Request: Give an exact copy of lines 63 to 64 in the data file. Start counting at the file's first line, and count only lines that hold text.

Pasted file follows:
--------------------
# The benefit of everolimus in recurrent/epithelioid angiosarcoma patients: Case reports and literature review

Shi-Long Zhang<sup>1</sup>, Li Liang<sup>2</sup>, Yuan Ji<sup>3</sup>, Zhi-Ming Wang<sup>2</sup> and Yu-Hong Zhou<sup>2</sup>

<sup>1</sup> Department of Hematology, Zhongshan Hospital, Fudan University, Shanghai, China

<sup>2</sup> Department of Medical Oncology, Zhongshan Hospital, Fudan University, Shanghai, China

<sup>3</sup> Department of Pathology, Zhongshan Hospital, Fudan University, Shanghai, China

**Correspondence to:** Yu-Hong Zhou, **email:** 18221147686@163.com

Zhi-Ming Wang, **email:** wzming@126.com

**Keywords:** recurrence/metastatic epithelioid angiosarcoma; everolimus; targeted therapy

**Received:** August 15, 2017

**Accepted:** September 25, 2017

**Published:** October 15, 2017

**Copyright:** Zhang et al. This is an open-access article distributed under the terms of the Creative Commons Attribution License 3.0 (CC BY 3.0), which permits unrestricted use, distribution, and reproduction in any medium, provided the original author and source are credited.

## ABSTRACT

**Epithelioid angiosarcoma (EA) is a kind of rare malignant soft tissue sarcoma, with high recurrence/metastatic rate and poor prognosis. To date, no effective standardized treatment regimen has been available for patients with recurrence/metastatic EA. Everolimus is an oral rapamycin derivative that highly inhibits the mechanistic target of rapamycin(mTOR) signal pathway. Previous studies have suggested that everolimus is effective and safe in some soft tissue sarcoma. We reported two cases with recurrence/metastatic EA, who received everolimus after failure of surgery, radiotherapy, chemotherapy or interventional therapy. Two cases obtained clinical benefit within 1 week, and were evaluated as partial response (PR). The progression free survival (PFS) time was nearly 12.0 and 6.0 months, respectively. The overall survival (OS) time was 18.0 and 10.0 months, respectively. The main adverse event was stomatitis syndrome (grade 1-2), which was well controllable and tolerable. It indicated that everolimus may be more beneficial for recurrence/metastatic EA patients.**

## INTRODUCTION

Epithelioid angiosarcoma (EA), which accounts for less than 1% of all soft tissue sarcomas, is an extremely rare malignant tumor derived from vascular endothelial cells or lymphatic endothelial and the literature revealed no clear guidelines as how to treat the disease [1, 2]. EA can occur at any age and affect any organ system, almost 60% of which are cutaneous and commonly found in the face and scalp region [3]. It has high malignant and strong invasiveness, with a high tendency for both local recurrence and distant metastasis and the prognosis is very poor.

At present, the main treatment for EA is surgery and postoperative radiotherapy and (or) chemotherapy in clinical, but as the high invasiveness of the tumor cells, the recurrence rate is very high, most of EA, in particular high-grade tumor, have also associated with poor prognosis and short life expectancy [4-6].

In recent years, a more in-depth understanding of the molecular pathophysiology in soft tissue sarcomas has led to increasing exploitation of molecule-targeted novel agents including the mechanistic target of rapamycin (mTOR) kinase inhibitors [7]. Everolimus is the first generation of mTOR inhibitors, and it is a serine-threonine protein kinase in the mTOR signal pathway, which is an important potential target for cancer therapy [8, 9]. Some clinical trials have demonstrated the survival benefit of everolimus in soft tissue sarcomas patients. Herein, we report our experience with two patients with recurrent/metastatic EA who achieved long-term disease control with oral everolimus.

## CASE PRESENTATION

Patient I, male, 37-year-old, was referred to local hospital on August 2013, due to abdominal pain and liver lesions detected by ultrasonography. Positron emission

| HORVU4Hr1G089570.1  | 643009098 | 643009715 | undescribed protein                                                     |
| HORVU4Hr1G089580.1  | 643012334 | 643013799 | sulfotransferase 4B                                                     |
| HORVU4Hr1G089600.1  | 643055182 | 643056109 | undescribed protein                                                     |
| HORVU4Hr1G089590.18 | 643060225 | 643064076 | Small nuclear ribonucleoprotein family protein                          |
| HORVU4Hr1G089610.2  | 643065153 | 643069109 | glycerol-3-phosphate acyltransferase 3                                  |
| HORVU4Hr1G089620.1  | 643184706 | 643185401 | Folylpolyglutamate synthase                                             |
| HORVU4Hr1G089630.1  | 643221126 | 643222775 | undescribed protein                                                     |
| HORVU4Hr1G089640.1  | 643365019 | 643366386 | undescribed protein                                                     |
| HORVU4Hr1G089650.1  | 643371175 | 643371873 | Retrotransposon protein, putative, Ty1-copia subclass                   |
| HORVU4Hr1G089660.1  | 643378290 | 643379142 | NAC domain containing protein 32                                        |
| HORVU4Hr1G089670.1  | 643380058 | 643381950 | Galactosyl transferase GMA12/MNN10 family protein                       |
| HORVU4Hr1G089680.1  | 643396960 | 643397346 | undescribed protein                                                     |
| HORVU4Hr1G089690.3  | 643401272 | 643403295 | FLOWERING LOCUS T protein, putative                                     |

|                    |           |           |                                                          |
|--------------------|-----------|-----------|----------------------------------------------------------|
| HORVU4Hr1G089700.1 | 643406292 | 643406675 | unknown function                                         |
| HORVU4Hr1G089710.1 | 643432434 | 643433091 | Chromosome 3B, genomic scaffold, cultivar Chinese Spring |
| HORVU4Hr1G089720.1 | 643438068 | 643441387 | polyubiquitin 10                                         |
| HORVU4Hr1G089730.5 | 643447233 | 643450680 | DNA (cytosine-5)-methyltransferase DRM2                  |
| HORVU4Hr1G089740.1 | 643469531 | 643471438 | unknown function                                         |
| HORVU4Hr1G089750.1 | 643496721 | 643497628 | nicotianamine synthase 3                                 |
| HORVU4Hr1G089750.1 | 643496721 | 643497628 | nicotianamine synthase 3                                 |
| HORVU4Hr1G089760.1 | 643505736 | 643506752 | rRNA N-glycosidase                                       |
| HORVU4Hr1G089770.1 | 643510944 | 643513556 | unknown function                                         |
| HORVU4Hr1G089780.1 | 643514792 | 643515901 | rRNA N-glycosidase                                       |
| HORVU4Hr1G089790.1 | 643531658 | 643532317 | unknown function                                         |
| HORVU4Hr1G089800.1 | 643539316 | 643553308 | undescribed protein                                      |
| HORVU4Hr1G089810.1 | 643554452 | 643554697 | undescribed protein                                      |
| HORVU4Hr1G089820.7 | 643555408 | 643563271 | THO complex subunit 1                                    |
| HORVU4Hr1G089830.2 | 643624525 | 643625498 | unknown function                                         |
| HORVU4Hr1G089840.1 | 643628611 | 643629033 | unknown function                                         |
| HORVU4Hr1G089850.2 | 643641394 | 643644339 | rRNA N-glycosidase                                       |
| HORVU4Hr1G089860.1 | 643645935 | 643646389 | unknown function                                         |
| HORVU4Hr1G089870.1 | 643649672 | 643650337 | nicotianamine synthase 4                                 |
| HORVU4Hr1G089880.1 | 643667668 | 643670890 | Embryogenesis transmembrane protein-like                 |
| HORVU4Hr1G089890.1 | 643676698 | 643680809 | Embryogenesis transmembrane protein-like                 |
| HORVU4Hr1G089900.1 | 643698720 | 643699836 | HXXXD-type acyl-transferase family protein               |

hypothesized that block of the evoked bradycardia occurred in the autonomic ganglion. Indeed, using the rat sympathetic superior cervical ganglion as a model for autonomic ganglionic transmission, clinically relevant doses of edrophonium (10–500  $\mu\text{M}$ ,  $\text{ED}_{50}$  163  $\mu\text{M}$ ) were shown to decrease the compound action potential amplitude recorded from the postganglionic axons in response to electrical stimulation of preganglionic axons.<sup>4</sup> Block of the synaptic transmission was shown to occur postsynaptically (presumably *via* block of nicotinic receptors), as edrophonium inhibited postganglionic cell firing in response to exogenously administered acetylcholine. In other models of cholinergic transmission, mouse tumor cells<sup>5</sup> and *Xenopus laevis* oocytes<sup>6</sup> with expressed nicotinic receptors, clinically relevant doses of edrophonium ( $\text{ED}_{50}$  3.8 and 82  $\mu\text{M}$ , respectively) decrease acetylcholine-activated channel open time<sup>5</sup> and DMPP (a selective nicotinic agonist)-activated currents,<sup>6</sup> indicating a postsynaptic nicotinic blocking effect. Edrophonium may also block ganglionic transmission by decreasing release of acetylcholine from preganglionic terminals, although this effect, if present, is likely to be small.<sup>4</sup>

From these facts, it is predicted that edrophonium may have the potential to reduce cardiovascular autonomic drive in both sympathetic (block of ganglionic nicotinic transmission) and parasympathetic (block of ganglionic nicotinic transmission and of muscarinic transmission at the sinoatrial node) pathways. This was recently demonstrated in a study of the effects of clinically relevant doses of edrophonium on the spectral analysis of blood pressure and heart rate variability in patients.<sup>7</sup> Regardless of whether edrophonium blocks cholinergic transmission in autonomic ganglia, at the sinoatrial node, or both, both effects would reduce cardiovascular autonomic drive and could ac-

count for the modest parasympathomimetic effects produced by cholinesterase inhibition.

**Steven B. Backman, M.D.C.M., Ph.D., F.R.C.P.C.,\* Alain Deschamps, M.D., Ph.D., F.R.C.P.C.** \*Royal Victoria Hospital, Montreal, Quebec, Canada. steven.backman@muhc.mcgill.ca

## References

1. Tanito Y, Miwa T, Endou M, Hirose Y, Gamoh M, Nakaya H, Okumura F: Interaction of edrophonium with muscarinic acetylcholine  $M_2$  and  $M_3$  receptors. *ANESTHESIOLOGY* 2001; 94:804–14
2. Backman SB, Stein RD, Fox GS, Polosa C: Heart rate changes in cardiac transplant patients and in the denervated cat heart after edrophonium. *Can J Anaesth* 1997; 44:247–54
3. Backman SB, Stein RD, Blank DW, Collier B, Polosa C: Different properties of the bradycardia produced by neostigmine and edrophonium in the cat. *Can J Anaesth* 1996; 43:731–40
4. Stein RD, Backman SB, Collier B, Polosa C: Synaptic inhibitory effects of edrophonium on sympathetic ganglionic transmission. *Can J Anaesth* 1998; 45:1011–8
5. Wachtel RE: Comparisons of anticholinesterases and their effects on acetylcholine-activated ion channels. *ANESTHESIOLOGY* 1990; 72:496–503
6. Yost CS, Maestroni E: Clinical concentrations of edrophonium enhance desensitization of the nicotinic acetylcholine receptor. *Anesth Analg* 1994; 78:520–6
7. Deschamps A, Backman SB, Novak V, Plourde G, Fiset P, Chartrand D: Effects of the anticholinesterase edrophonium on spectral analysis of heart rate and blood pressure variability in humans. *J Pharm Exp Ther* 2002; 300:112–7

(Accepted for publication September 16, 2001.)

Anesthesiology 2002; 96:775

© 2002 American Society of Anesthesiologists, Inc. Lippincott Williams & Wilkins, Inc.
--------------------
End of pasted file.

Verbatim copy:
1. Tanito Y, Miwa T, Endou M, Hirose Y, Gamoh M, Nakaya H, Okumura F: Interaction of edrophonium with muscarinic acetylcholine  $M_2$  and  $M_3$  receptors. *ANESTHESIOLOGY* 2001; 94:804–14
2. Backman SB, Stein RD, Fox GS, Polosa C: Heart rate changes in cardiac transplant patients and in the denervated cat heart after edrophonium. *Can J Anaesth* 1997; 44:247–54